Editorial: The BC Liberals are playing with fire

Can the government afford to write off the concerns of Vancouverites about housing affordability? We're all about to find out

May 11, 2016

By Max Fawcett

Josh Gordon knew this was coming.

In the preamble to his paper on the role of foreign capital in Vancouver’s housing market, the SFU political science professor disclosed the fact that his academic work was “far away from this area,” and that he wasn’t trying to claim any expertise in it. In its conclusion, he noted that “this report potentially steps on some big toes. If it gets widely read, it will undoubtedly invite criticism. There will be an effort to discredit it in a range of ways. That’s fine, that’s democracy.” Well, there are few bigger sets of toes in B.C.’s democratic universe than the ones belonging to Finance Minister Mike de Jong, and yesterday in the provincial legislature NDP MLA David Eby dropped Gordon’s report right on top of them. And while the back-and-forth between an opposition member and a government minister isn’t usually all that interesting (sorry, fellow political science nerds), this one revealed how the election campaign that’s to come will unfold around foreign capital and our real estate.

The B.C. Liberal strategy? Deflect, defer, delay—and, it seems, disdain. In describing Gordon’s work, de Jong loaded up the word “theory” with so much condescension that you could practically see the air quotes around it. “We’re taking steps, and the member knows what some of those steps are,” he said. “But we are resolved to base those decisions on sound data, and not theories or conjecture.” Instead of answering Eby’s question about whether the government would act on the flows of foreign capital that appear to be rushing into Vancouver’s housing market, de Jong steered the debate back to his talking points around the province’s economic record by noting that B.C. had the lowest jobless rate in the country for the first time since 1976 and was poised to lead the country in economic growth in two consecutive years for the first time since 1961. Cue the ritual applause from the backbench.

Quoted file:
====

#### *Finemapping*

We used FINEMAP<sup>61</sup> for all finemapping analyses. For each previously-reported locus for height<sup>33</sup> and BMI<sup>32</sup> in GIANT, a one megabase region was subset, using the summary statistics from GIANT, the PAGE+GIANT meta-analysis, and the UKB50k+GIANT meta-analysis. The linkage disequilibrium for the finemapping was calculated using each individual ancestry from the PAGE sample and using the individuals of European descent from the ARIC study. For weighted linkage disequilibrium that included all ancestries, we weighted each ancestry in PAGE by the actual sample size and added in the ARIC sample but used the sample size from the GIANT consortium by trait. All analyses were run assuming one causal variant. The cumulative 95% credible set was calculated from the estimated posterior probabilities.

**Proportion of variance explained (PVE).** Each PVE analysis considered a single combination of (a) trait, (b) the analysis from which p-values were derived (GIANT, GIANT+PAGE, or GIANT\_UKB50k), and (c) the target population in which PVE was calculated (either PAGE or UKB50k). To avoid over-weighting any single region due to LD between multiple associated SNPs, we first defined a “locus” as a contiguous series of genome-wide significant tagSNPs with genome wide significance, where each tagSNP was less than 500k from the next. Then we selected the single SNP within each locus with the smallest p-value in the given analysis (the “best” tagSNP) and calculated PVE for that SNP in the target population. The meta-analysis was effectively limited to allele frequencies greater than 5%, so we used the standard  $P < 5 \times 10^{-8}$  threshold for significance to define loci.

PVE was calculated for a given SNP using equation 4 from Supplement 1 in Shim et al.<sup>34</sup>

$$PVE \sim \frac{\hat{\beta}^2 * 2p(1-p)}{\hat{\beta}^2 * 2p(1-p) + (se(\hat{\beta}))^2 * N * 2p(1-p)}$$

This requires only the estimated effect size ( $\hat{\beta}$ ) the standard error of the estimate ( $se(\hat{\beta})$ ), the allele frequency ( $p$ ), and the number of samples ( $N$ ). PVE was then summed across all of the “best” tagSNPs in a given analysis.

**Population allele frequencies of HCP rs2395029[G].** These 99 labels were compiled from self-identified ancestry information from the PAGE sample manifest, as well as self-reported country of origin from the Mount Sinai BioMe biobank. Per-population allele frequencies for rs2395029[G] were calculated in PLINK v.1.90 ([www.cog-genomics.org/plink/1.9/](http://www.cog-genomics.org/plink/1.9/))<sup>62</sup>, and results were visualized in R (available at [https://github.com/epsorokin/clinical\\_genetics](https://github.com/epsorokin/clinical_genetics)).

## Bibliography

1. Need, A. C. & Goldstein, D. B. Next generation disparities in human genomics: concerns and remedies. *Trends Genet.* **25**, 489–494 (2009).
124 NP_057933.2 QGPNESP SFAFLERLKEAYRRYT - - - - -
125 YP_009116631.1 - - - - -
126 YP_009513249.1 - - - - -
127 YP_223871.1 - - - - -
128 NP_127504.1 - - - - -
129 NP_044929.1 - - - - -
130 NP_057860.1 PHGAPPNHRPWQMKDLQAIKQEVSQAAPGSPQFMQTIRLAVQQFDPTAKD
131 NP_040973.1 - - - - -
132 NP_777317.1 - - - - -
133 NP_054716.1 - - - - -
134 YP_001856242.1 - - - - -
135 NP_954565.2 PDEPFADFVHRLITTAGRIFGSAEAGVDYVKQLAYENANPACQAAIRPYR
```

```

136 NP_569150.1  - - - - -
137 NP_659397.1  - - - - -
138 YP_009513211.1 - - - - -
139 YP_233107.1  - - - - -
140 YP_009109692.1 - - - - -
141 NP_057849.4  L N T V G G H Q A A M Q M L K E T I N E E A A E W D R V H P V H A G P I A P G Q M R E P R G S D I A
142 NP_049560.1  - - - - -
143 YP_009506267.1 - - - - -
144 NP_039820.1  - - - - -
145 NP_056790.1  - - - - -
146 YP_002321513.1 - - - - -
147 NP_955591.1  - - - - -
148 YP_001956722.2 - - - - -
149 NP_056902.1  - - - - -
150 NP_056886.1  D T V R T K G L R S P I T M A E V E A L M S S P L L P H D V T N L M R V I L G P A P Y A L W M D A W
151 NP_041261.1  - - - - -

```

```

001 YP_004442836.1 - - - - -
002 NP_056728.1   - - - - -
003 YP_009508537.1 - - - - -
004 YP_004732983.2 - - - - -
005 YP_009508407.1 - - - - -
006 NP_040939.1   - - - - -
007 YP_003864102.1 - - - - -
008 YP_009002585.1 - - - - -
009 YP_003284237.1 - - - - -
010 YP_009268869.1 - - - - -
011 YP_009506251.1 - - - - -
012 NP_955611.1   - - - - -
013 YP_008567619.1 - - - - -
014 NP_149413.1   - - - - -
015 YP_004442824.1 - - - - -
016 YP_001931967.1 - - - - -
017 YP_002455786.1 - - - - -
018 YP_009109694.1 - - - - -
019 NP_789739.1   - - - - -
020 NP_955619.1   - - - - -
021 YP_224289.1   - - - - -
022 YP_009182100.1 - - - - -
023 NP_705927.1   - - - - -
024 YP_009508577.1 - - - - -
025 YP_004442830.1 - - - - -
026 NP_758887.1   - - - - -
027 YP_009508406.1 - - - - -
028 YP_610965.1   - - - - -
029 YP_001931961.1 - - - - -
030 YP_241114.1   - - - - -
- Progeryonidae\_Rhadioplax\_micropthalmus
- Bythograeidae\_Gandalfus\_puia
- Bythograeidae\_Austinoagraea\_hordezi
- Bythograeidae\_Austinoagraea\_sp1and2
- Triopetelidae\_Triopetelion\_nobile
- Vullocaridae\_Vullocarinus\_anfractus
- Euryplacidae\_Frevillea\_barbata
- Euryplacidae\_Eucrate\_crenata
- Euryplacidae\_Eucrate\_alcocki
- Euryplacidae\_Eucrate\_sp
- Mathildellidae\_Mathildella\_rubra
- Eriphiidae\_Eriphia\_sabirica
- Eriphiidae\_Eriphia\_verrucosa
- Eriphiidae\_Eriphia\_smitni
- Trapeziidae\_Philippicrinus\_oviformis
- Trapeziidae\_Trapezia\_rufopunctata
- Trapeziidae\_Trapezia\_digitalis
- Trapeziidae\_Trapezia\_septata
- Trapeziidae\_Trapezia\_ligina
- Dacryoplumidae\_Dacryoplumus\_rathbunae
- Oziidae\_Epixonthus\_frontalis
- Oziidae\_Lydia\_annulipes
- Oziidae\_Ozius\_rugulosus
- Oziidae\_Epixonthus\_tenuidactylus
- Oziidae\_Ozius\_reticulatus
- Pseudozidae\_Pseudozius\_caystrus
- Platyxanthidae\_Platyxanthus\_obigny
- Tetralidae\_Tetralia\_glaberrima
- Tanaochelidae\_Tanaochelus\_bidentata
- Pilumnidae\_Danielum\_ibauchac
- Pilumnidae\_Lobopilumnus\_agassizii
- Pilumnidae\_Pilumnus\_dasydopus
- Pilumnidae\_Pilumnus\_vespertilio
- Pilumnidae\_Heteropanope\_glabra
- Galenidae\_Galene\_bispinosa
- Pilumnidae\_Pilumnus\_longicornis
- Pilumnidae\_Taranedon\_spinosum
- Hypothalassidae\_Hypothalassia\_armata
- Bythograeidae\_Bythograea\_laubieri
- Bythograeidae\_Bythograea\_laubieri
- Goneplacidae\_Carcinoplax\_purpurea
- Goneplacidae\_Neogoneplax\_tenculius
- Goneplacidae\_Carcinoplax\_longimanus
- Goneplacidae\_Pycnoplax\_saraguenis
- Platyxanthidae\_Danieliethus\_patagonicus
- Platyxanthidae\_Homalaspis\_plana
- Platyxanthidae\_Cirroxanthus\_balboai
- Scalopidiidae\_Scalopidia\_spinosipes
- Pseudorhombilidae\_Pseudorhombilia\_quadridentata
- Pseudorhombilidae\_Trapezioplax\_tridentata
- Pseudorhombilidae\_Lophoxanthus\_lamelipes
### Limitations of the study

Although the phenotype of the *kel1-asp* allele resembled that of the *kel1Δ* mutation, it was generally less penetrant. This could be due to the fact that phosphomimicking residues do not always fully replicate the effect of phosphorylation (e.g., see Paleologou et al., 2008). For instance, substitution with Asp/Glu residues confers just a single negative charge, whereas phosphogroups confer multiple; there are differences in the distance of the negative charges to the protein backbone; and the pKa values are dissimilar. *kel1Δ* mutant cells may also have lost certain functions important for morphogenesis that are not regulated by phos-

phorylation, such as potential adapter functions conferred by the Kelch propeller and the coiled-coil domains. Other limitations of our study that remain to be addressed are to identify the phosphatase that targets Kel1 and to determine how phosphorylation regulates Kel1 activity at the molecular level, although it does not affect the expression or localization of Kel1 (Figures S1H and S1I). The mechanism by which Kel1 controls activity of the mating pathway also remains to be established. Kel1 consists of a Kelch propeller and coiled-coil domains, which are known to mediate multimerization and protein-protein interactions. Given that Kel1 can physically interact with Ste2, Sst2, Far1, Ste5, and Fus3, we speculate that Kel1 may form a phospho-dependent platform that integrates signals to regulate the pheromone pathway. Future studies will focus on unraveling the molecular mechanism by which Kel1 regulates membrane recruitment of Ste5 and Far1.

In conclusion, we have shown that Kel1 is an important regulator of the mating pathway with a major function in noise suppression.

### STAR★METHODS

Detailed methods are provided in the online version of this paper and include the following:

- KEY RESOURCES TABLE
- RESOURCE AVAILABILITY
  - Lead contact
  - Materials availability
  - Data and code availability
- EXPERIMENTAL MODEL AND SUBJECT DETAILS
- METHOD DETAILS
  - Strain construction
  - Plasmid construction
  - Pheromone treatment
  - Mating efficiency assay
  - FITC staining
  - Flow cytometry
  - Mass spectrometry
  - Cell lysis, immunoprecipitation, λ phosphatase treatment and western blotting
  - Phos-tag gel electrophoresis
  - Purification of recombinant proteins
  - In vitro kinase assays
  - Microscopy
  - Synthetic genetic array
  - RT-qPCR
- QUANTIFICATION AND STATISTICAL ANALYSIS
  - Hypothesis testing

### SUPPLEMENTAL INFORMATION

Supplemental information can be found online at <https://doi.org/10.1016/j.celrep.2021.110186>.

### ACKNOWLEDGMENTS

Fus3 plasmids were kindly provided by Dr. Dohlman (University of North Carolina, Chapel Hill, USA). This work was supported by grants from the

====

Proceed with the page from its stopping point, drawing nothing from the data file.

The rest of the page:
In Canadian politics, running against the NDP on a platform that seeks to highlight your strengths as a competent steward of the economy—and, by extension, their weakness in the same area—is about as failsafe as it can get. But that might not be the case in 2017 once all the votes are counted. As Insights West’s Mario Canseco wrote in a piece for the Vancouver Sun, British Columbians aren’t particularly worried about the economy right now. “With one year to go before the provincial election, the mindset of British Columbia’s electorate is clear. Many urban voters are concerned about housing and inequality, and there is a sizable number of residents who are dissatisfied with the government on the accountability file.” Concern might not be the right word here, either. It feels a lot more to me like anger, and anger is an incredibly potent political force—just look to the south, where it propelled a spray-tanned corporate buffoon into the Republican nomination for president and nearly did the same for a cranky septuagenarian socialist on the Democratic side.

But the BC Liberals would appear to prefer to risk the ire of renters and twenty- and thirtysomethings rather than stir up the silent majority of homeowners who have benefitted directly from the latest leg up in house prices. In the latest throne speech, the government declared that it would “protect the savings and equity that existing homeowners have painstakingly placed in their homes,” notwithstanding the fact that there was nothing particularly painstaking about watching the price of a home soar and that such language implies that the increase was the product of hard work rather than good fortune. The signal was clear: we’re not touching this.

And as UBC Sauder School of Business professor Tom Davidoff—another person whose name was dropped in the legislature yesterday during Eby and de Jong’s exchange—told me a few weeks ago, protecting the interests of homeowners is probably the safer bet. “I think politicians are craven and want to get re-elected, by and large. Some of them are fantastic. And I think a lot are well-intentioned. But pissing off homeowners is a great way to lose an election, and I think everybody in politics knows that.” Perhaps. But pissing off prospective homeowners and people who have been priced out of the very idea itself may yet prove to be a new way to lose an election in 2017.

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